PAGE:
“Globalization Promotes Democracy Both Directly and Indirectly” Bhagwati, Jagdish Globalization, 2007
Globalization Promotes Democracy Both Directly and Indirectly Globalization promotes democracy both directly and indirectly. The direct link comes from the fact that rural farmers are now able to bypass the dominant classes and castes by taking their produce directly to the market thanks to modern information technology, thereby loosening the control of these traditionally hegemonic groups. In turn, this can start them on the way to becoming more-independent actors, with democratic aspirations, in the political arena. Globalization is at the source of this phenomenon in two ways: the computers themselves are available because of trade, and the markets accessed are foreign in many cases, not just domestic. Thus, a recent report from Kamalpur village in India by the Wall Street Journal reporter Cris Prystay documents how the villagers are now selling their crops by computer, cutting out the middlemen. Soybean farmer Mohammed Arif, 24 years old, says the computer allows farmers greater control over their own goods. Farmers often get cheated at markets, or get stuck with whatever price is offered that day. With the computer, he says, they can make a considered decision at home, holding crops until prices improve. The Link Between Prosperity and Democracy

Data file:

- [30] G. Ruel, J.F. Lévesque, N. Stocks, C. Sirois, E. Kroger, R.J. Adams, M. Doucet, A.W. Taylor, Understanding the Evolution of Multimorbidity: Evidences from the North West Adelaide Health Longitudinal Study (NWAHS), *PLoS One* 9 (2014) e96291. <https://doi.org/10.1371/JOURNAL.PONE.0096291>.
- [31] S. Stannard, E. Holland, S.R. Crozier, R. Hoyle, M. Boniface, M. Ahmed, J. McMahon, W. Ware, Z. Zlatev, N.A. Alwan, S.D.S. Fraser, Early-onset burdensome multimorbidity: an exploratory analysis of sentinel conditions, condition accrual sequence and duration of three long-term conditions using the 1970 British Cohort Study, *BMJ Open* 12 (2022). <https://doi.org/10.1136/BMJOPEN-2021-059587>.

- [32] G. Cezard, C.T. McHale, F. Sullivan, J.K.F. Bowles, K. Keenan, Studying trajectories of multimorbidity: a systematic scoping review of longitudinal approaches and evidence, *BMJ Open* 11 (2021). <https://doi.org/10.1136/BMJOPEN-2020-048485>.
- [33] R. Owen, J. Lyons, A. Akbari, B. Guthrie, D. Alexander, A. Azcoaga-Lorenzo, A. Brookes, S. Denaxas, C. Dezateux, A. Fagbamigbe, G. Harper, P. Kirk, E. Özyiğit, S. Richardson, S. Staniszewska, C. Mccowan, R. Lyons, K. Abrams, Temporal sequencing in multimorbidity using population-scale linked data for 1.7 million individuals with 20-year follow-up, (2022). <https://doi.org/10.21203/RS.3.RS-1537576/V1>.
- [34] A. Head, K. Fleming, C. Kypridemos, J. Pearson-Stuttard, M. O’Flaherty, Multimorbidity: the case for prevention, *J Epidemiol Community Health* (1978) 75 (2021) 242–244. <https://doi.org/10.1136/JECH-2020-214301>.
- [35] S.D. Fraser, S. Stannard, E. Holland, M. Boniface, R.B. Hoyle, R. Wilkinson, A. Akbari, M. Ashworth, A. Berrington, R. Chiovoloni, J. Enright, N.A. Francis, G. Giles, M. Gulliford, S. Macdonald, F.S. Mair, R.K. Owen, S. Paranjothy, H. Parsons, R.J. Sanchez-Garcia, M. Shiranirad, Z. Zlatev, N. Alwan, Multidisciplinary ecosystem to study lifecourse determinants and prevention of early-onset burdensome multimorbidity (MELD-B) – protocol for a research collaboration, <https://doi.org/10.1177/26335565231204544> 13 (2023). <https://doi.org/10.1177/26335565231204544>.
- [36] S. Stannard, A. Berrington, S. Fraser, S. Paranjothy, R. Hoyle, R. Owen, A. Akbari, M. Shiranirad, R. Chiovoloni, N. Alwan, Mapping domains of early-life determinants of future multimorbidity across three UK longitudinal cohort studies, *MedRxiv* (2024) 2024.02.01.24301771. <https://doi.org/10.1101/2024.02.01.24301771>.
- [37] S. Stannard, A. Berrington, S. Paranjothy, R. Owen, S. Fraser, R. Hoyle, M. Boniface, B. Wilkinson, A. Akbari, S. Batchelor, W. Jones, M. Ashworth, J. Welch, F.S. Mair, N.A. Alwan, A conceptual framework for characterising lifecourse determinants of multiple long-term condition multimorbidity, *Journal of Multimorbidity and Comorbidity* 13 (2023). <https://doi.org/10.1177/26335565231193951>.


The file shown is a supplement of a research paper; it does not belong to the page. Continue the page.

The indirect link, on the other hand, comes from a proposition vigorously advanced by the American political scientist and intellectual Seymour Martin Lipset in his 1959 classic Some Social Requisites of Democracy. The thesis popularly attributed to Lipset has been that economic prosperity produces a middle class. This emerging middle class creates, however haltingly, an effective demand for democratization of politics: the new bourgeoisie, with wallets a little fatter, seeks a political voice, not just one in the marketplace. So, as with the thesis successfully linking globalization with reduced poverty, we now...
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